Where Does Fear Come From? (Hint: It’s Not the Creepy Basement)

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To the average observer, it would seem that 44-year-old patient “SM” was just another typical mother of three: she scores normally on IQ tests, has good language skills and a decent memory. But, according to a paper by neurologists at the University of Iowa, SM is profoundly unusual. Because of a degenerative condition that left her with damage in certain brain structures, researchers say, SM is incapable of feeling fear.

The researchers know, because they spent several days trying to scare her silly. They exposed SM to snakes and spiders at a pet store, showed her clips of horror movies like The Shining and The Blair Witch Project, and took her through a haunted house in a former sanatorium. SM’s fear response? Nonexistent. (More on Time.com: Don’t Choke: 5 Tips for Performing Under Pressure)

In fact, she relished cuddling snakes and had to be stopped from reaching for a tarantula.

SM has a genetic condition that has disabled, in both hemispheres, a brain region known as the amygdala, which is involved in processing emotional memories and fear. She has been studied by neurologists for 20 years because her case is so extreme, and has so far been shown to be unable to read social situations that involve fear or to recognize evidence of fear on the faces of others.

SM says that she hasn’t felt afraid since a childhood incident involving a snarling Doberman pinscher. The research team — including Justin S. Feinstein, Ralph Adolphs, Antonio Damasio and Daniel Tranel — theorizes that her condition hadn’t yet destroyed her amygdala at the time. But what’s more interesting is her life experience since then, which has often been frightening and dangerous. Her lack of fear has many times caused her to place her own life in danger. The authors write in their case study, published on Dec. 16 by the medical journal Current Biology:

As it turned out, SM has encountered numerous events that would be considered fear-inducing or even traumatic in nature. For instance, she has been held up at knife point and at gun point, she was once physically accosted by a woman twice her size, she was nearly killed in an act of domestic violence, and on more than one occasion she has been explicitly threatened with death.

What stands out most is that, in many of these situations, SM’s life was in danger, yet her behavior lacked any sense of desperation or urgency. Police reports obtained from the local police department further corroborate SM’s recollection of these events and paint a picture of an individual who lives in a poverty-stricken area replete with crime, drugs, and danger. Of note, SM has never been convicted of any crime, but rather has been the victim of numerous crimes. Moreover, it is evident that SM has great difficulty detecting looming threats in her environment and learning to avoid dangerous situations, features of her behavior that have in all likelihood contributed to her high incidence of life-threatening encounters.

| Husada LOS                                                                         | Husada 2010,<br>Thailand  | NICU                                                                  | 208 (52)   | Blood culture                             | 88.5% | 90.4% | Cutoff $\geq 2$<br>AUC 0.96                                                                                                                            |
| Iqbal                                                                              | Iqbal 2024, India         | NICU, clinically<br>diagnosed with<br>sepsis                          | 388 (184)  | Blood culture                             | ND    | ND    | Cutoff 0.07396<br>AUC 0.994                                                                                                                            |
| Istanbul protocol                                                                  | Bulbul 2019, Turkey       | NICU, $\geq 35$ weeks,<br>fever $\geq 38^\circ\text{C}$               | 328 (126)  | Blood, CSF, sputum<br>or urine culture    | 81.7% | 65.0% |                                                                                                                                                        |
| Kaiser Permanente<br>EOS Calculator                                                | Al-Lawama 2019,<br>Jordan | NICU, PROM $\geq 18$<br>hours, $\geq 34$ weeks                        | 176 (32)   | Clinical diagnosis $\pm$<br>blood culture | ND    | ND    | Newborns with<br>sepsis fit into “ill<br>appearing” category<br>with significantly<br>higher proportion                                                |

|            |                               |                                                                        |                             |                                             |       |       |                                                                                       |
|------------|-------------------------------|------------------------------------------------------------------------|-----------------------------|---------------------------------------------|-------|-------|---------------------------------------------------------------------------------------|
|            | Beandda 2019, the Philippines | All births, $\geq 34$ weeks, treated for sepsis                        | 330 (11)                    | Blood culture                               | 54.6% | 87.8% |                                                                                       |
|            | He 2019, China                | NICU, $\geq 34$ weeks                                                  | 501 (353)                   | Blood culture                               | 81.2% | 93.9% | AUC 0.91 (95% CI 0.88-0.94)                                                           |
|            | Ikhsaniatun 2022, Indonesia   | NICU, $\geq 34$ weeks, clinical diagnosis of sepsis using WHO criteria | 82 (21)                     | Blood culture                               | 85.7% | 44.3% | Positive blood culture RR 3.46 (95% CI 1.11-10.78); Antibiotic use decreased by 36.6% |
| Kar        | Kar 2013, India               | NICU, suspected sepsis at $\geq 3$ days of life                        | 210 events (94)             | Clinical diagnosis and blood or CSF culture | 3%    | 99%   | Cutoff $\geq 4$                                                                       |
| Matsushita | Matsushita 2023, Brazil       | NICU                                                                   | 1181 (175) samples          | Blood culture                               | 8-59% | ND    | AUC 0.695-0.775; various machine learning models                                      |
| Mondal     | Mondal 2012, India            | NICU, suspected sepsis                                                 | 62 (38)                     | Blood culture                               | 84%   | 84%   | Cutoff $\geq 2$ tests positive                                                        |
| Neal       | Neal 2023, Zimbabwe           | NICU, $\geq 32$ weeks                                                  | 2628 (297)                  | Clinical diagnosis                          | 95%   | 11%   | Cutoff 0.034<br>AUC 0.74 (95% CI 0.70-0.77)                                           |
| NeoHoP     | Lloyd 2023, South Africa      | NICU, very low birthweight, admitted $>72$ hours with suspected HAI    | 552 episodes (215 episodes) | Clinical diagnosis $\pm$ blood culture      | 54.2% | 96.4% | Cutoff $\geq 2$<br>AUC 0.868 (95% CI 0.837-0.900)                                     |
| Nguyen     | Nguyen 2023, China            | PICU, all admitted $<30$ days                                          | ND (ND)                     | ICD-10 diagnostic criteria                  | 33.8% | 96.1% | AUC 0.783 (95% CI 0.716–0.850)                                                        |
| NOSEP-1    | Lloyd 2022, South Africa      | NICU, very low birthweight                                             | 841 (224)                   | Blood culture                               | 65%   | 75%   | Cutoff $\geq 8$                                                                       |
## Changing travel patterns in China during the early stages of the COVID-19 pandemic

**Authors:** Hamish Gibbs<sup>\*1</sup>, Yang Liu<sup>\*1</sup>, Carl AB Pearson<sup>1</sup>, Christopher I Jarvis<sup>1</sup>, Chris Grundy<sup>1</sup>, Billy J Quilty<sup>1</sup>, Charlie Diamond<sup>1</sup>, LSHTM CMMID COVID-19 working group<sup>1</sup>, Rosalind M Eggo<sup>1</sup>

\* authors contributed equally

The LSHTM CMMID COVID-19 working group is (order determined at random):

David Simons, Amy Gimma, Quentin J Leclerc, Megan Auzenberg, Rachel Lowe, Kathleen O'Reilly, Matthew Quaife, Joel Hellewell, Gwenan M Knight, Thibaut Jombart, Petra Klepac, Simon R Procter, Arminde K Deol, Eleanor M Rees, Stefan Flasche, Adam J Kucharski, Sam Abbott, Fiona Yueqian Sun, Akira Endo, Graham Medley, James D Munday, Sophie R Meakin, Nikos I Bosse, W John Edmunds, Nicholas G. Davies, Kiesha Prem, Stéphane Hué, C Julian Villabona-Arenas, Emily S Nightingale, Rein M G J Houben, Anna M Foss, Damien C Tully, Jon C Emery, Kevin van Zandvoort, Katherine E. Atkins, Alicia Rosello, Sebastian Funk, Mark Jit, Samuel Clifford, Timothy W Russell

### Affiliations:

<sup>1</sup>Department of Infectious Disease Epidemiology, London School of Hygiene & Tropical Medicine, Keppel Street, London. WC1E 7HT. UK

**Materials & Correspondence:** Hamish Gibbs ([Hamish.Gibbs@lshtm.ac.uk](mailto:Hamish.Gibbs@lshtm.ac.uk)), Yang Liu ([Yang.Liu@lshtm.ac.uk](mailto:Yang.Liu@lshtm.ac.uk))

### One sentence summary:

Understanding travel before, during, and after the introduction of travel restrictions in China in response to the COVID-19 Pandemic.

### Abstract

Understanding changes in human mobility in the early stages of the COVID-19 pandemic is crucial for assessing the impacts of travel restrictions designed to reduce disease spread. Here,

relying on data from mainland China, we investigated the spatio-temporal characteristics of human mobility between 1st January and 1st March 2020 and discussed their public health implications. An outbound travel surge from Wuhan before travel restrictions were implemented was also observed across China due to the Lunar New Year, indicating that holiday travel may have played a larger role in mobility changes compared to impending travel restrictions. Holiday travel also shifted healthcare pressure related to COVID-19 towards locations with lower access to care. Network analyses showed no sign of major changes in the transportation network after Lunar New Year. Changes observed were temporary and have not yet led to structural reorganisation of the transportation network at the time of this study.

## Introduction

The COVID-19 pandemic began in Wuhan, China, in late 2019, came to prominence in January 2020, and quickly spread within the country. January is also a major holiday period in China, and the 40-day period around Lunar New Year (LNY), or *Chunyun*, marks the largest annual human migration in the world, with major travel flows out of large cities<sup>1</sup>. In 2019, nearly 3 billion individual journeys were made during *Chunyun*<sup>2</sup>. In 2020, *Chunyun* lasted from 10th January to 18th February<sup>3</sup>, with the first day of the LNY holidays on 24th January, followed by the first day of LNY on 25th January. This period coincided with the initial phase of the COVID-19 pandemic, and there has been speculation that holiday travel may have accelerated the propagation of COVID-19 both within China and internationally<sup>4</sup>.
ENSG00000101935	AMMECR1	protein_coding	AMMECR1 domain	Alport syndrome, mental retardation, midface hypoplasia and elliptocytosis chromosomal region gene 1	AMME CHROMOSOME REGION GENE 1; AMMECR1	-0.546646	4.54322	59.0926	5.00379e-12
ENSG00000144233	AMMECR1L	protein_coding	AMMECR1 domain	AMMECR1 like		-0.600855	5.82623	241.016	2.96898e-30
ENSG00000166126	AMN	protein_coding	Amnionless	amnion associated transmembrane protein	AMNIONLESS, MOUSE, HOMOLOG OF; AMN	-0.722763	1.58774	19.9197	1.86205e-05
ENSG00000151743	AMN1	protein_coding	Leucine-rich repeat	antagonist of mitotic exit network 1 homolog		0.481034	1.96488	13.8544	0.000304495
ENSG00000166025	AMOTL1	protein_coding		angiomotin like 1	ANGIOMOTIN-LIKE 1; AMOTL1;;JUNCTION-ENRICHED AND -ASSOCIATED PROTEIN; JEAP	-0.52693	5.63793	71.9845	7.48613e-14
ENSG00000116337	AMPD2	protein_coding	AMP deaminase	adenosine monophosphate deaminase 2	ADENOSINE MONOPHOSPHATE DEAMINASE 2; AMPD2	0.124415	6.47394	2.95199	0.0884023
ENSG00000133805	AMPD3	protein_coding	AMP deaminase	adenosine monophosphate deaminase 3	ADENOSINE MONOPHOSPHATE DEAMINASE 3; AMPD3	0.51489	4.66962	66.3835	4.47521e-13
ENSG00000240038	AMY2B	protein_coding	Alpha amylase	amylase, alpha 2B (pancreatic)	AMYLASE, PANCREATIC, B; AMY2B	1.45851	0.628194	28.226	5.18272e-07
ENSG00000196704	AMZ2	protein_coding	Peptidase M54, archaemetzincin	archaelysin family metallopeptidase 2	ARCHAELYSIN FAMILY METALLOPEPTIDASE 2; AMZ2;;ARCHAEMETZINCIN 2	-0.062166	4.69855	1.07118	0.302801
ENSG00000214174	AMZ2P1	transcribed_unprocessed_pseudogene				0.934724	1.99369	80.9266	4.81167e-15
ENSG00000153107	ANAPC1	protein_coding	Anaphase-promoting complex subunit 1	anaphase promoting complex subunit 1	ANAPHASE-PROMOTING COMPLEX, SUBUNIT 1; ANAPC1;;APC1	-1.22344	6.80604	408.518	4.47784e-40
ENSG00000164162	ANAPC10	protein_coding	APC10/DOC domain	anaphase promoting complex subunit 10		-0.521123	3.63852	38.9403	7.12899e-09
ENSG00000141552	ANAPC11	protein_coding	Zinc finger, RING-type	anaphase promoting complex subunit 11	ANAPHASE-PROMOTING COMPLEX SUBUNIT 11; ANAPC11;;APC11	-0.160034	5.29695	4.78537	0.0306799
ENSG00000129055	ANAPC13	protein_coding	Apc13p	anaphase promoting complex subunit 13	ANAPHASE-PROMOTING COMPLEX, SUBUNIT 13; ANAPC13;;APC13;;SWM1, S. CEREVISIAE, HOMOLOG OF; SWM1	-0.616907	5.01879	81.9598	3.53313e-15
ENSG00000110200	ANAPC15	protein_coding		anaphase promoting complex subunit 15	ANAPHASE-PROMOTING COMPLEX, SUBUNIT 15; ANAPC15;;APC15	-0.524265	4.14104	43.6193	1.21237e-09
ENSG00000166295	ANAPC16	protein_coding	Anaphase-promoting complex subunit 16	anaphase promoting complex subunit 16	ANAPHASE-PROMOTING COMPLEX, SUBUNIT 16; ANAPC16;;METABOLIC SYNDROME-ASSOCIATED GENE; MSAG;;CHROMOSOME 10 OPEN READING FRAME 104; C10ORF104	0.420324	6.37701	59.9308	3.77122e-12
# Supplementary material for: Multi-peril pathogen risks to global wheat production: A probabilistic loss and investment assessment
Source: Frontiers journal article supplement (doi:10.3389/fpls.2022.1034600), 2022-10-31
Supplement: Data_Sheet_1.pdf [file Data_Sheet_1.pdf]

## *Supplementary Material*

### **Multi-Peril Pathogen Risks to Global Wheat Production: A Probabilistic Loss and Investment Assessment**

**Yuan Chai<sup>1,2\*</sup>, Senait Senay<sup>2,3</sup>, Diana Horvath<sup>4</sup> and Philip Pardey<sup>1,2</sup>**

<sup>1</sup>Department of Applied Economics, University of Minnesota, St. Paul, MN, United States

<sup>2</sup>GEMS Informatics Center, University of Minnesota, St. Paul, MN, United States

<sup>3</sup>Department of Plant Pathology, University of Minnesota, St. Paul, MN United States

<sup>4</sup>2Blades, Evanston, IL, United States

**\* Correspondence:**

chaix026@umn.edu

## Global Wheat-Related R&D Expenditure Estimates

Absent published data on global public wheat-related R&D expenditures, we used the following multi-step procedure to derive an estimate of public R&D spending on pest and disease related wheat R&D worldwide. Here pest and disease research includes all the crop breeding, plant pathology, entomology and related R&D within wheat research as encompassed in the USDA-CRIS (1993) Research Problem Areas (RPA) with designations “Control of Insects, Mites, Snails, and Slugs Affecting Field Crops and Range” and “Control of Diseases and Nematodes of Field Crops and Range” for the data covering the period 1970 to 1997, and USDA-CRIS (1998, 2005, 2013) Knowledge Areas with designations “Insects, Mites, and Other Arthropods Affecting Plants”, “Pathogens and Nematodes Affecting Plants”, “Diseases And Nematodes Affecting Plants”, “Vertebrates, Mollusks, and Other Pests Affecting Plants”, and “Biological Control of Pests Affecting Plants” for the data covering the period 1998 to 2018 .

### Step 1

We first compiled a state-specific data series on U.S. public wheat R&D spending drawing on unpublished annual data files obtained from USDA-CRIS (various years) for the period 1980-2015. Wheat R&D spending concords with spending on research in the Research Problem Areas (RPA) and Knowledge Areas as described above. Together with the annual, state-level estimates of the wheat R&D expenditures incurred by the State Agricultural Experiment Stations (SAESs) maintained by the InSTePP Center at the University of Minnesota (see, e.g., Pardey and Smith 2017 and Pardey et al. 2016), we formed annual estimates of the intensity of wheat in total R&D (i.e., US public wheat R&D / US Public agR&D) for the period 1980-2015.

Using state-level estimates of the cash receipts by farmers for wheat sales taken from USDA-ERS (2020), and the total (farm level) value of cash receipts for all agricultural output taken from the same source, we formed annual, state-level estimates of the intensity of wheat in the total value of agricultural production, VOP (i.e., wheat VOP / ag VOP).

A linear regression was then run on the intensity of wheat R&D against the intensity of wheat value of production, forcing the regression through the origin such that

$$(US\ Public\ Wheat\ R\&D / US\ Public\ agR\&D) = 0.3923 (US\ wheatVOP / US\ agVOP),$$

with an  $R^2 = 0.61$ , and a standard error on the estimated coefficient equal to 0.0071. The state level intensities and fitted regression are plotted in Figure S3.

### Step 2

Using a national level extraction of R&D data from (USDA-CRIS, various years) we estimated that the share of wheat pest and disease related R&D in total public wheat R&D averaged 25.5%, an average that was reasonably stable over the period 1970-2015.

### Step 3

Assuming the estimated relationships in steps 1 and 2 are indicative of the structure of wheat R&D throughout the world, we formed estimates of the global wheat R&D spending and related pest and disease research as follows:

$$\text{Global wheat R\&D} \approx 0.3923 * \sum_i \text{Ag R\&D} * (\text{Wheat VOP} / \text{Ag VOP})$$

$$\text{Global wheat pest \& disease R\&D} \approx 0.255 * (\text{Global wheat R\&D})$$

Take, for example, an anecdote reported by the Associated Press:

A man jumped up from a park bench, pressed a knife to her throat and hissed, “I’m going to cut you.”

SM, who heard a church choir practicing in the distance, looked coolly at him and replied, “If you’re going to kill me, you’re going to have to go through my God’s angels first.”

The man suddenly let her go. She didn’t run home. She walked.

“Her lack of fear may have freaked the guy out,” Feinstein said.

But it also got her into that situation in the first place, he noted. SM had willingly approached the man when he asked her to, even though it was late at night and she was alone, and even though she thought he looked “drugged out.”

The authors note that SM’s response to what would normally be considered fear-inducing situations was not characterized simply by a lack of responsiveness, but rather a heightened arousal and interest. In other words, she practically courted danger. (More on Time.com: How Retail Therapy Works: Spending Money for Social Acceptance)

Just as she felt curiosity instead of fear in the face of scary situations, so her memories of frightening experiences also diverged from the norm: when asked about her emotional response to such past incidents, she reported feeling angry, but didn’t show the enduring distress, panic and aversions that typically characterize survivors of similar violence.

These findings give researchers some hope that they can someday figure out how to stimulate the amygdala in survivors of violence to help prevent them from suffering post-traumatic stress disorder later on. (More on Time.com: Amnesia and a Camera: Photos as Memories)

The researchers stress that SM’s condition is more a curse than a blessing: “[SM's] behavior, time and time again, leads her back to the very situations she should be avoiding, highlighting the indispensable role that the amygdala plays in promoting survival by compelling the organism away from danger. Indeed, it appears that without the amygdala, the evolutionary value of fear is lost.”

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